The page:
Monday, March 24, 2014


(review based on an advance reading copy)

What a wonderfully sweet and whimsical story. And what a perfect title! A SNICKER OF MAGIC isn’t what I would call a fantasy novel; it’s more like magical realism with a teaspoon or two of enchantment thrown into the mundane. The magic feels a little strange and abstract and like it’s not meant to be closely analyzed but viewed from a distance as flexible metaphors. The magic isn’t necessarily logical, because the story’s more about the characters and the mysterious wonder of these strange happenings.

Felicity Pickle has returned with her mama, little sister Frannie Jo, and their dog Biscuit to her mother’s hometown where they stay with Felicity’s aunt Cleo. Felicity’s mama has a wandering heart, as people like to say. Their family never stays anywhere for long before she’s packing them all up again, and Felicity’s heartfelt yearning to settle somewhere tugged at my sentimental side in the very first chapter. She befriends someone special at school and soon her new friend convinces Felicity to enter a school competition. Despite some serious public speaking anxiety, she agrees mostly in an effort to convince her mama that they have to stay at least until the competition.

See, Felicity has a magical gift of her own. She can see words. They hover around people, each one distinct and inventively animated. I adored Lloyd’s (or Felicity’s) descriptions of the words. As one example, consider how she captures the word “believe”: “The letters were made of melted sunshine. They dripped down the window glass, warm and tingly against our faces.” This is what I mean by the book being more magical realism than fantasy. Felicity’s word gift isn’t logically explained or dissected as a kind of magical system or fantastical worldbuilding effort, and it doesn’t serve much purpose except as both a blessing and a burden for Felicity - blessing by making her special and burden by making her different.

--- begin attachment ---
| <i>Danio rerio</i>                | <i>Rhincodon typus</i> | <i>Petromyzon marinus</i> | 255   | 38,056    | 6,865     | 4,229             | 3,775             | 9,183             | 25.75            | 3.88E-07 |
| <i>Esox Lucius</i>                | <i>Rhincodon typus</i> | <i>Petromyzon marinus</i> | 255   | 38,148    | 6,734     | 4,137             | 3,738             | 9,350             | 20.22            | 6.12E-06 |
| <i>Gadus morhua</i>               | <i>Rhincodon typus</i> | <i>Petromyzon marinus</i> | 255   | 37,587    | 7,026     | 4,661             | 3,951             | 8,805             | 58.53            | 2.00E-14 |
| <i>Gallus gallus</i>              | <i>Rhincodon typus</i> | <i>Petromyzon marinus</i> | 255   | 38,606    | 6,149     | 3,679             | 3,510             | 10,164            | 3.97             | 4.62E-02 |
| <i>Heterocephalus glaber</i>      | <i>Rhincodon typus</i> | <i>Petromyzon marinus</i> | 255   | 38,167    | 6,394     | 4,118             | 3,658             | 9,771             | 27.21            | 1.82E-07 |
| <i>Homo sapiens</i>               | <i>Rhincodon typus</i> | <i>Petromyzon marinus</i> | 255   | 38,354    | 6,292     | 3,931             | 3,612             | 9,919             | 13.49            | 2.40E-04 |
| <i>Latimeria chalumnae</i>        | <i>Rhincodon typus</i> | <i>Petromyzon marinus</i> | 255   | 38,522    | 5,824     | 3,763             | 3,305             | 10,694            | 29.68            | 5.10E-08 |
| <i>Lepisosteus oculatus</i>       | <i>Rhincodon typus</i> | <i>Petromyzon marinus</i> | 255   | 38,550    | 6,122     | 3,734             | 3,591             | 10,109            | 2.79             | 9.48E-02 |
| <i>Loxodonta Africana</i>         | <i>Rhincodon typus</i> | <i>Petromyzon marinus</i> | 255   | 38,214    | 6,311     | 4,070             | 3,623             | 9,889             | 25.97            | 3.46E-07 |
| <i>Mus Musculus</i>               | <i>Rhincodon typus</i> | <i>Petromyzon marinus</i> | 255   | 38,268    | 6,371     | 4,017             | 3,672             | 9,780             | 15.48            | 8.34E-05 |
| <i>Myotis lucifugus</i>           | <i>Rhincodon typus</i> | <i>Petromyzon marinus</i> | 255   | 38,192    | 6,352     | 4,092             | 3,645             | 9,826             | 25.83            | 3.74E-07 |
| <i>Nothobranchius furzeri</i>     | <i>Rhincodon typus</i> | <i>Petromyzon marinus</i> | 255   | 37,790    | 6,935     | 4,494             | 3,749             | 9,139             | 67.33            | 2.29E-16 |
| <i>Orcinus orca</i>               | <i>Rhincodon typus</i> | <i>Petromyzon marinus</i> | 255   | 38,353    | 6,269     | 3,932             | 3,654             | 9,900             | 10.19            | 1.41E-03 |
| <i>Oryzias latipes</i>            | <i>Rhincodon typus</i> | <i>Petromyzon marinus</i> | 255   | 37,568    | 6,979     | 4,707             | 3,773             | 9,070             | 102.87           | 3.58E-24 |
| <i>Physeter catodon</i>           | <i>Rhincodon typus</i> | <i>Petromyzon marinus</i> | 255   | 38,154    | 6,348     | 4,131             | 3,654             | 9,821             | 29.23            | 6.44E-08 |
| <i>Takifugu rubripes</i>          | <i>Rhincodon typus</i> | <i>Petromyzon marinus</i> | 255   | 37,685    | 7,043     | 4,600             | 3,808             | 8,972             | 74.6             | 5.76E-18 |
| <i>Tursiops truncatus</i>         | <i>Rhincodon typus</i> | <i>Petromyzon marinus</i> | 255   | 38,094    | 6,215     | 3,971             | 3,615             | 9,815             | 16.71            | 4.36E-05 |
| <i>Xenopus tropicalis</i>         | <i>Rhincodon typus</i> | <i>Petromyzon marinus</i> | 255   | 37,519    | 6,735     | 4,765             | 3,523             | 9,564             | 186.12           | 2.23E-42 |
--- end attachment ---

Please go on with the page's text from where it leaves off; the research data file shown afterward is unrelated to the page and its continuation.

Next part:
Lloyd has a word knack of her own. In full honesty, I didn’t find the story that captivating on its own. Don’t get me wrong - it’s a good story, but it’s not remarkable or gush-worthy. However, I found the writing remarkable and gush-worthy, so much that it elevated everything else about the book. Lloyd’s a little magical with words herself, creating so many apt and unique descriptions and metaphors. Consider Felicity’s observation of her mother’s eye color: “Her eyes used to be as bright blue as a summer sky, but now they looked like jeans faded from too many tumbles through a washing machine." This talent’s especially apparent in characterizing the words Felicity sees everywhere she goes. Naturally, I consider great writing particularly important in a book that focuses on words and Lloyd certainly doesn’t disappoint.

Really my only small criticism is that I struggled pinpointing Felicity’s age. I’m sure Lloyd mentioned it early on, but I think only once or twice. I didn’t absorb the information and tried going back and re-reading earlier chapters for her age but couldn’t find it. I’m guessing pre-teen, around 12. I would be surprised if it’s any older than that and not terribly shocked if she’s actually as young as 8. That’s a wide range and the age doubt could be a little confusing.

That note aside, what a splendiferous book!

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